Deadly storms are having a greater impact on people of color, owners of mobile homes, and those living in poverty in 2019. According to research from the University of Texas, millions of Americans lack home titles, which are a prerequisite for accessing Federal Emergency Management Agency (FEMA) aid and insurance payouts after a natural disaster.
Without these financial lifelines, entire communities can be destroyed after a natural disaster because they can’t repair homes. Action News reports that the lack of property documents is a structural problem that often goes undetected. These issues typically only come up after a natural disaster when families need assistance.
Unfortunately, it’s difficult for experts to gauge the exact size of this problem. This is because informal housing arrangements are hidden from land registries and banks. Homeowners may not even know they lack the documents they need until they need them.
This issue has arisen after almost every recent disaster in the last few years. After Hurricane Maria in 2017, up to 60% of FEMA assistance claims were rejected because property owners couldn’t produce home titles. Additionally, since 25% of homes in the U.S. use a septic system, it’s important for property owners to know how to handle these systems before, during, and after major storms.
“We started getting a lot of denials, for many reasons, but the one that stood out to us was ‘ownership not verified,'” said Adi Martinez Roman. Roman is the executive director of Fundacion Fondo de Acceso a la Justicia, a legal aid group that set up an emergency fund to help Maria victims apply for aid.
“I’m talking about thousands and thousands and thousands of denials,” said Martinez Roman.
Due to the property laws in Puerto Rico, it’s estimated that up to half a million people don’t own a formal title to their hand. Nearly two years after the hurricane, homeowners from Puerto Rico are still trying to appeal to FEMA.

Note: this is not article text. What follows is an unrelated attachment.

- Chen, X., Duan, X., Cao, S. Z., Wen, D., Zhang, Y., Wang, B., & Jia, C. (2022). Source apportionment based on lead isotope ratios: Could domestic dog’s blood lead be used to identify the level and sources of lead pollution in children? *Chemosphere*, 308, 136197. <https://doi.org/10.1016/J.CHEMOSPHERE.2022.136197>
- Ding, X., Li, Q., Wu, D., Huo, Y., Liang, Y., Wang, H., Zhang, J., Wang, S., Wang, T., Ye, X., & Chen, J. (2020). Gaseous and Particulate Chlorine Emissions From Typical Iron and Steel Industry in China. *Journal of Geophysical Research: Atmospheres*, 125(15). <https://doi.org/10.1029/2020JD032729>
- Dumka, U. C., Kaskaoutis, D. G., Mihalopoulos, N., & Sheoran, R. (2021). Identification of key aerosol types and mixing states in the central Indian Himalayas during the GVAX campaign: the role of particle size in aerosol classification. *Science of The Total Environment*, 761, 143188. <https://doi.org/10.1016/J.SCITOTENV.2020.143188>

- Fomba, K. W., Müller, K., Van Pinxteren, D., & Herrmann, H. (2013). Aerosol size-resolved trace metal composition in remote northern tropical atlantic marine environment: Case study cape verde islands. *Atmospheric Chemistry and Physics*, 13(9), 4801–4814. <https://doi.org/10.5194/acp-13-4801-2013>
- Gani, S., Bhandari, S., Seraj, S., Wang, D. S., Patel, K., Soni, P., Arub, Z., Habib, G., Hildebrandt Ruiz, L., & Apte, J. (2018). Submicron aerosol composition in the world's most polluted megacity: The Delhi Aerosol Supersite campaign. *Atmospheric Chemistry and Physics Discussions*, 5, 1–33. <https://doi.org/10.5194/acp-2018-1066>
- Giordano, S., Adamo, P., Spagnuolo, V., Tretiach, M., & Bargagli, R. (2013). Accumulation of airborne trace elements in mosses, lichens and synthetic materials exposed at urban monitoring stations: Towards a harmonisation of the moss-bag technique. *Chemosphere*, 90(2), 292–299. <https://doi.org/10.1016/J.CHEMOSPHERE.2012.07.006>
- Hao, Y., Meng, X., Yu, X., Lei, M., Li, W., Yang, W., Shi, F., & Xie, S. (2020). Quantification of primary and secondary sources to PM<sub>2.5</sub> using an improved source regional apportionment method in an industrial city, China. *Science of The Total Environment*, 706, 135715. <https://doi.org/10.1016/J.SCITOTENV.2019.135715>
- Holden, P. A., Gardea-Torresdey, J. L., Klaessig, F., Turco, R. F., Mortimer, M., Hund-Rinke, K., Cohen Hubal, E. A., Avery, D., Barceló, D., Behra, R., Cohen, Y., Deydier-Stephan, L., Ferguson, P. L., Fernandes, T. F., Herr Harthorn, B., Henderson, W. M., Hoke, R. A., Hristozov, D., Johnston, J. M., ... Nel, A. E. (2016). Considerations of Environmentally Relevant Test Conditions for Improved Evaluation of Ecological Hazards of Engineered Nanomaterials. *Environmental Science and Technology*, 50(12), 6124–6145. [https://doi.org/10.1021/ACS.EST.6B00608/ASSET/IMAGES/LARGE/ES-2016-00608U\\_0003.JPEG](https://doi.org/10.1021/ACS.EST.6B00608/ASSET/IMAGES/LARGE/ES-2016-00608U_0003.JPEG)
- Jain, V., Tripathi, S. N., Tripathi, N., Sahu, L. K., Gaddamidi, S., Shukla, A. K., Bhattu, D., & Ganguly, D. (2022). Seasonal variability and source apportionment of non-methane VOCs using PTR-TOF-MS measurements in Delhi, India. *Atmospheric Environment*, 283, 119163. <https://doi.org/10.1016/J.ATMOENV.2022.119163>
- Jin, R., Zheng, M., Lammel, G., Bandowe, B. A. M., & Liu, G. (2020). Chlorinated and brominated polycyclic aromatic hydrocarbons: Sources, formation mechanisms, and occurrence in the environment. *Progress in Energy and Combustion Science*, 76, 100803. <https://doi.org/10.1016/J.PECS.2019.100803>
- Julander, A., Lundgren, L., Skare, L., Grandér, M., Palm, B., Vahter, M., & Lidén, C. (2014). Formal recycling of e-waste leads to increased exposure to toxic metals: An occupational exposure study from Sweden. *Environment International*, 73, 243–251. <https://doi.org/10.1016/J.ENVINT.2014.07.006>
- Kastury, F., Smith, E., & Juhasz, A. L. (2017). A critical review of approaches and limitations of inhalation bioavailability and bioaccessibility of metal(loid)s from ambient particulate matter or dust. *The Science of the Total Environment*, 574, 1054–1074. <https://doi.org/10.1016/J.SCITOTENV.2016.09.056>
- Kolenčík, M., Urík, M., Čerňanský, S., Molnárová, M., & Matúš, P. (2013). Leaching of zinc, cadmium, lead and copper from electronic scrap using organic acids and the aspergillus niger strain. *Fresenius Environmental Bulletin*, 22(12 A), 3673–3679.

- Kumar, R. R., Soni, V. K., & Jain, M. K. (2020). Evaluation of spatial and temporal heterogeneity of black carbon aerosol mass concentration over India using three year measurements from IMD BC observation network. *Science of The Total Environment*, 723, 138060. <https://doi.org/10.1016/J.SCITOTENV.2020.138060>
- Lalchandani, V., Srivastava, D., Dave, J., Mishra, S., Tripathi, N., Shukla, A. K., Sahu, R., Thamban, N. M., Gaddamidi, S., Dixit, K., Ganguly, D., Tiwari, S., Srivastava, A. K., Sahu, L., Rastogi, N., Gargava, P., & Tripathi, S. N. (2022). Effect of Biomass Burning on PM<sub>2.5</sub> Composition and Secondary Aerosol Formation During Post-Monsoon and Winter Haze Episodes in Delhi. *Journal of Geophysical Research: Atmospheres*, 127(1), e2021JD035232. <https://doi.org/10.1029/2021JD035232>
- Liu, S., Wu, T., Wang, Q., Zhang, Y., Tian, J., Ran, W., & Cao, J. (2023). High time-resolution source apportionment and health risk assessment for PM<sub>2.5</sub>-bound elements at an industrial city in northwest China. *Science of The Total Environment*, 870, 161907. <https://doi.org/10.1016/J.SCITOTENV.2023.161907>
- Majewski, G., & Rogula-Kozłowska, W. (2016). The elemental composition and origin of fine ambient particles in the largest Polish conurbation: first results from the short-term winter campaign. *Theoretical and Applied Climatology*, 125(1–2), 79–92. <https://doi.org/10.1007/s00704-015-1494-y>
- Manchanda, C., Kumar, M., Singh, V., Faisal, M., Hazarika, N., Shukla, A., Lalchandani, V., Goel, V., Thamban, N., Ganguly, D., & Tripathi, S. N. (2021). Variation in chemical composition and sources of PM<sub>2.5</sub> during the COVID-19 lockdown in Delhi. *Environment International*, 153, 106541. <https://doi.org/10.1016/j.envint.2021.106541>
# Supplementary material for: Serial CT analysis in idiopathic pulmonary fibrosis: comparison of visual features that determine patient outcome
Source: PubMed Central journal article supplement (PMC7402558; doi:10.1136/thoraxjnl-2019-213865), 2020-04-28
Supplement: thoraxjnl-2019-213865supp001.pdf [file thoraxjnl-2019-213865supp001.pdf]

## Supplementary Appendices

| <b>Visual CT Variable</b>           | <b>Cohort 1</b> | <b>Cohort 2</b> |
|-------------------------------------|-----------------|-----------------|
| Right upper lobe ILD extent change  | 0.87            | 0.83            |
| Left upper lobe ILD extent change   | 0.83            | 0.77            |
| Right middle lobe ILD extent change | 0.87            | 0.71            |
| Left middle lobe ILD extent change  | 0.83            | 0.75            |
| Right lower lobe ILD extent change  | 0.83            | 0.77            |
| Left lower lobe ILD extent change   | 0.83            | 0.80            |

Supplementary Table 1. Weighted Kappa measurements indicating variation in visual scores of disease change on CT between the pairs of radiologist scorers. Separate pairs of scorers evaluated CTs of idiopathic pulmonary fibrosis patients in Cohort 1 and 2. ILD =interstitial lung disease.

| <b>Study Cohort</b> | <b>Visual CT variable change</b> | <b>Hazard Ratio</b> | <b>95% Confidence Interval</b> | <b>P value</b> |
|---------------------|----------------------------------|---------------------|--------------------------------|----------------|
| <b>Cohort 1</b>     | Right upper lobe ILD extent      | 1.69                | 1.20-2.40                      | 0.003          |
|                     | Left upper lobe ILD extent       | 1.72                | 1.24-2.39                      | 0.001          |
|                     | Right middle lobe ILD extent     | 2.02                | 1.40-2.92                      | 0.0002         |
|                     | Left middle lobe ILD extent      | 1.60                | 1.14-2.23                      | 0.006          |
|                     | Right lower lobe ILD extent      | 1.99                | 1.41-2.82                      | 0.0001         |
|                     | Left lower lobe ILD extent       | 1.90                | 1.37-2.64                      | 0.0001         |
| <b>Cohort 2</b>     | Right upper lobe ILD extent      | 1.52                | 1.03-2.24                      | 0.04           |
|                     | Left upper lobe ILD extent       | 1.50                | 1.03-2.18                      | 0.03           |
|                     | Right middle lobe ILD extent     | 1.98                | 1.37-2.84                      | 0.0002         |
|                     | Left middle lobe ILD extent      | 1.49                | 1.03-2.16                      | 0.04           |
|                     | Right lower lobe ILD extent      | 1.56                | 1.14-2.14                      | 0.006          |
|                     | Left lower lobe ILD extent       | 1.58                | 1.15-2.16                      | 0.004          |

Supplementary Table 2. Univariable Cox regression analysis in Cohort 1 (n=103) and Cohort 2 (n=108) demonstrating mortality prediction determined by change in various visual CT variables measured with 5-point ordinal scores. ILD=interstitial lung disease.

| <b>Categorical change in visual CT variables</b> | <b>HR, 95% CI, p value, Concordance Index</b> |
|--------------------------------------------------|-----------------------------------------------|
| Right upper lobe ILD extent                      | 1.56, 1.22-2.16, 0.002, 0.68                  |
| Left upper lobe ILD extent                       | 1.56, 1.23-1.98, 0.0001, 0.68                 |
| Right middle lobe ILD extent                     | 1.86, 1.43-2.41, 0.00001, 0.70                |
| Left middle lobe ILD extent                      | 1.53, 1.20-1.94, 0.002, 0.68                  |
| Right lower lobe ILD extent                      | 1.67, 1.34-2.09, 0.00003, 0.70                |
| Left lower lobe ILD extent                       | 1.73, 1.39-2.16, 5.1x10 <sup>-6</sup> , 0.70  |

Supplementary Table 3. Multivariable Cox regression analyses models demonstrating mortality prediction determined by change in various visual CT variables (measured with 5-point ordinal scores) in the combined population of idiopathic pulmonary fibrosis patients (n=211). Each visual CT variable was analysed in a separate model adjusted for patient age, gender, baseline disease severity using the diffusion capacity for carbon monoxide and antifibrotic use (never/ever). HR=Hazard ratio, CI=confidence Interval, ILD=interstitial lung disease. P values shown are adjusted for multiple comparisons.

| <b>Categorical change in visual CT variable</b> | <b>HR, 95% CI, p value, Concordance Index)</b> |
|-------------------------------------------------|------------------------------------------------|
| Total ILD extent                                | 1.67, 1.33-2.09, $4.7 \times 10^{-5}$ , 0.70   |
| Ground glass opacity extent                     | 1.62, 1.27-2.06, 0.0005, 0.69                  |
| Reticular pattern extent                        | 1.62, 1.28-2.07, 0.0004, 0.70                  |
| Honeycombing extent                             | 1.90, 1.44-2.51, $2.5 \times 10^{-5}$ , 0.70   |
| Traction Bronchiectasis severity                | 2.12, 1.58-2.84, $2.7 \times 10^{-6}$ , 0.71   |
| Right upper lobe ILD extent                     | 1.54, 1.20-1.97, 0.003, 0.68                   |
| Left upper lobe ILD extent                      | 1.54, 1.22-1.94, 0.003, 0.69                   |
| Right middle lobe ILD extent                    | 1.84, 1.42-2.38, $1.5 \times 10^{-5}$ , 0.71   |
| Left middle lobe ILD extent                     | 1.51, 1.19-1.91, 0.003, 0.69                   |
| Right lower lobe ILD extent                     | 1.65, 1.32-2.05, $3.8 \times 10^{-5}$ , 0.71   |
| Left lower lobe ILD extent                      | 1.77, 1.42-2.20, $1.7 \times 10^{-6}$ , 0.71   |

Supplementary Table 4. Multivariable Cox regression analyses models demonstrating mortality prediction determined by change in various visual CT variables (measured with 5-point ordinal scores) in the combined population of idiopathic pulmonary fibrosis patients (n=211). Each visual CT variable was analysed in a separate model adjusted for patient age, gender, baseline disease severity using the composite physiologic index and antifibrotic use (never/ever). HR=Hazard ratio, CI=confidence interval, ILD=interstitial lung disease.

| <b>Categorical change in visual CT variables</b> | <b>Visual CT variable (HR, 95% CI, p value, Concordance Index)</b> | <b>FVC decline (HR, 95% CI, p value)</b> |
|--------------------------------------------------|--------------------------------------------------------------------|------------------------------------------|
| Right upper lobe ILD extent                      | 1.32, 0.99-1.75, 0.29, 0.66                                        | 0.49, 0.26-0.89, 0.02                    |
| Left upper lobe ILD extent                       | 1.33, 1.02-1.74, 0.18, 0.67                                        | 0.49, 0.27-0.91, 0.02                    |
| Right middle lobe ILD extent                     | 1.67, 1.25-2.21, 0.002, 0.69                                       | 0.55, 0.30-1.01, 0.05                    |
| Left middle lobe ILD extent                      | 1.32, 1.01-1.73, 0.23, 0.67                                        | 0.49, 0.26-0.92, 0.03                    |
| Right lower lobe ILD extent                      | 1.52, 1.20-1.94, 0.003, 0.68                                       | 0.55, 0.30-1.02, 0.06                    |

“I still have people calling the foundation, saying they are desperate because they haven’t gotten any help,” said Martinez Roman.
Martinez Roman says one of her clients, Wanda Lopez-Esquilin, had been the heir to her property but didn’t have the documents to prove it. Lopez-Esquilin circulated a WhatsApp video to show her destroyed home including a blue tarp covering the roof and a pile of hurricane debris in her yard. A local church help her rebuild her roof, Martinez Roman says, but not FEMA.
Owners of manufactured housing are also at risk during natural disasters. Manufactured housing is a type of prefabricated housing that’s assembled in factories and later transported to sites for use. Manufactured housing parts may be made with drywall, steel, and reaction injection molding, which is a process where molded polyurethane parts are made.
Because manufactured homes aren’t considered real property, even if you maintain trees, shrubs, and other landscaping on your property to boost value by 14%, that value doesn’t help with FEMA applications. This is a problem for many Americans in the face of the rising real estate prices. Currently, the average time to sell a property in many markets right now is between 6 and 12 months.
Compared to the 6% market growth in the global specialty gases market by 2024, just the national growth in manufactured homes has increased by 60%. This is because mobile homes, compared to real estate, is cheaper but offers just as much space as a single-family home.
Following the recent wildfires in California, mobile home owners were shut out from post-disaster assistance because they lacked housing titles or they possessed fraudulent documents. However, mobile homeowners aren’t the only ones at risk for lacking the necessary property documents.
Would-be homeowners who construct their own houses or convert garages into single-family homes may also not have the proper documents to prove they own their property.
To provide some form of assistance, several states have passed legislation to make it easier for people to transfer their proper using legal paperwork called affidavits of heirship. It’s recommended that property owners look into this type of paperwork now rather than later with risks of flooding, tornadoes, and hurricanes on the horizon.